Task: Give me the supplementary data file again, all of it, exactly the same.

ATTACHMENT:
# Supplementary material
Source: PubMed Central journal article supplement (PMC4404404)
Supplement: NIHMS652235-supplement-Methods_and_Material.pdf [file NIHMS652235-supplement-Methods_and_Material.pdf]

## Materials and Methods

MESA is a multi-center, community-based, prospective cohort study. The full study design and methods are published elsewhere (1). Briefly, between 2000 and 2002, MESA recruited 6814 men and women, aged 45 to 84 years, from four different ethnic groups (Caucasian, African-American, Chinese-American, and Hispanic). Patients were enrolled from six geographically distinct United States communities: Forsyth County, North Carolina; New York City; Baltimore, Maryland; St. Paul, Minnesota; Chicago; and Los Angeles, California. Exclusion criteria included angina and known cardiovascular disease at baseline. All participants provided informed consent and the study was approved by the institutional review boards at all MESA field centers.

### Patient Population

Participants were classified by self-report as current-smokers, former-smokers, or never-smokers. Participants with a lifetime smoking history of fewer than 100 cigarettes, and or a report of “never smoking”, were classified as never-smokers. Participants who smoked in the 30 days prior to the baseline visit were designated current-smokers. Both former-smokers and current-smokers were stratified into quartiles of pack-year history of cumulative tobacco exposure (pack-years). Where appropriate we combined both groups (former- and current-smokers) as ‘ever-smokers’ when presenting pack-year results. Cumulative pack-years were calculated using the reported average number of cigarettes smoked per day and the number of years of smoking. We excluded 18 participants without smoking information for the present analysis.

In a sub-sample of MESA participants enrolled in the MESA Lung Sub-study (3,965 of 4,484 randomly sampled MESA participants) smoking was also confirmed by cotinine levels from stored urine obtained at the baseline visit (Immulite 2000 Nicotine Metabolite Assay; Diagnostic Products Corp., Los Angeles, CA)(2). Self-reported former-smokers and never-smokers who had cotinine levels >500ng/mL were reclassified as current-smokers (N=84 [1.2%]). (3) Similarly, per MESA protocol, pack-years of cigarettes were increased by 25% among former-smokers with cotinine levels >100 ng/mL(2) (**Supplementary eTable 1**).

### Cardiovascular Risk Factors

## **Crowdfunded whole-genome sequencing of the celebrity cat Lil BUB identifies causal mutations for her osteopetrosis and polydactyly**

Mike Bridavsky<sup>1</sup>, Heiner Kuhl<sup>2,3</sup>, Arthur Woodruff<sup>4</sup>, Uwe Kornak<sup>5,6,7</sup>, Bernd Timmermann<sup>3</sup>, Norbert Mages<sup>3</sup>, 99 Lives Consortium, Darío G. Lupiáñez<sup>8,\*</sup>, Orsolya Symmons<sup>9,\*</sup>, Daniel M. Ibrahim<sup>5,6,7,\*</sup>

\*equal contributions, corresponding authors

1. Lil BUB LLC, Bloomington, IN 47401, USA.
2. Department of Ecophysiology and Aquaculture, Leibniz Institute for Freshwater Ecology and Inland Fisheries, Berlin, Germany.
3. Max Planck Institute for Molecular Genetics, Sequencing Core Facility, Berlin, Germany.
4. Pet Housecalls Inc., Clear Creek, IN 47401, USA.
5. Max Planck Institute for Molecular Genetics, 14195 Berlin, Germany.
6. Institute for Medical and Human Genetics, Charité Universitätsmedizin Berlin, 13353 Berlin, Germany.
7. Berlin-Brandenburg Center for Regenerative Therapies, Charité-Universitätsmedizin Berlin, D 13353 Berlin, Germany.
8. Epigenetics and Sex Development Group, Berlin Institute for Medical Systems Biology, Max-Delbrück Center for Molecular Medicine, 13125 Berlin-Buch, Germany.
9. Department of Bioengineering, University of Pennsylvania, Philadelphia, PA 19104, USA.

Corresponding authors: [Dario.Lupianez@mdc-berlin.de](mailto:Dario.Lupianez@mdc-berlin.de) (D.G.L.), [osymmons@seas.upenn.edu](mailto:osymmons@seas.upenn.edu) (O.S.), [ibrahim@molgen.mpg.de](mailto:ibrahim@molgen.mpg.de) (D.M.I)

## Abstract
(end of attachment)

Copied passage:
# Supplementary material
Source: PubMed Central journal article supplement (PMC4404404)
Supplement: NIHMS652235-supplement-Methods_and_Material.pdf [file NIHMS652235-supplement-Methods_and_Material.pdf]

## Materials and Methods

MESA is a multi-center, community-based, prospective cohort study. The full study design and methods are published elsewhere (1). Briefly, between 2000 and 2002, MESA recruited 6814 men and women, aged 45 to 84 years, from four different ethnic groups (Caucasian, African-American, Chinese-American, and Hispanic). Patients were enrolled from six geographically distinct United States communities: Forsyth County, North Carolina; New York City; Baltimore, Maryland; St. Paul, Minnesota; Chicago; and Los Angeles, California. Exclusion criteria included angina and known cardiovascular disease at baseline. All participants provided informed consent and the study was approved by the institutional review boards at all MESA field centers.

### Patient Population

Participants were classified by self-report as current-smokers, former-smokers, or never-smokers. Participants with a lifetime smoking history of fewer than 100 cigarettes, and or a report of “never smoking”, were classified as never-smokers. Participants who smoked in the 30 days prior to the baseline visit were designated current-smokers. Both former-smokers and current-smokers were stratified into quartiles of pack-year history of cumulative tobacco exposure (pack-years). Where appropriate we combined both groups (former- and current-smokers) as ‘ever-smokers’ when presenting pack-year results. Cumulative pack-years were calculated using the reported average number of cigarettes smoked per day and the number of years of smoking. We excluded 18 participants without smoking information for the present analysis.

In a sub-sample of MESA participants enrolled in the MESA Lung Sub-study (3,965 of 4,484 randomly sampled MESA participants) smoking was also confirmed by cotinine levels from stored urine obtained at the baseline visit (Immulite 2000 Nicotine Metabolite Assay; Diagnostic Products Corp., Los Angeles, CA)(2). Self-reported former-smokers and never-smokers who had cotinine levels >500ng/mL were reclassified as current-smokers (N=84 [1.2%]). (3) Similarly, per MESA protocol, pack-years of cigarettes were increased by 25% among former-smokers with cotinine levels >100 ng/mL(2) (**Supplementary eTable 1**).

### Cardiovascular Risk Factors

## **Crowdfunded whole-genome sequencing of the celebrity cat Lil BUB identifies causal mutations for her osteopetrosis and polydactyly**

Mike Bridavsky<sup>1</sup>, Heiner Kuhl<sup>2,3</sup>, Arthur Woodruff<sup>4</sup>, Uwe Kornak<sup>5,6,7</sup>, Bernd Timmermann<sup>3</sup>, Norbert Mages<sup>3</sup>, 99 Lives Consortium, Darío G. Lupiáñez<sup>8,\*</sup>, Orsolya Symmons<sup>9,\*</sup>, Daniel M. Ibrahim<sup>5,6,7,\*</sup>

\*equal contributions, corresponding authors

1. Lil BUB LLC, Bloomington, IN 47401, USA.
2. Department of Ecophysiology and Aquaculture, Leibniz Institute for Freshwater Ecology and Inland Fisheries, Berlin, Germany.
3. Max Planck Institute for Molecular Genetics, Sequencing Core Facility, Berlin, Germany.
4. Pet Housecalls Inc., Clear Creek, IN 47401, USA.
5. Max Planck Institute for Molecular Genetics, 14195 Berlin, Germany.
6. Institute for Medical and Human Genetics, Charité Universitätsmedizin Berlin, 13353 Berlin, Germany.
7. Berlin-Brandenburg Center for Regenerative Therapies, Charité-Universitätsmedizin Berlin, D 13353 Berlin, Germany.
8. Epigenetics and Sex Development Group, Berlin Institute for Medical Systems Biology, Max-Delbrück Center for Molecular Medicine, 13125 Berlin-Buch, Germany.
9. Department of Bioengineering, University of Pennsylvania, Philadelphia, PA 19104, USA.

Corresponding authors: [Dario.Lupianez@mdc-berlin.de](mailto:Dario.Lupianez@mdc-berlin.de) (D.G.L.), [osymmons@seas.upenn.edu](mailto:osymmons@seas.upenn.edu) (O.S.), [ibrahim@molgen.mpg.de](mailto:ibrahim@molgen.mpg.de) (D.M.I)

## Abstract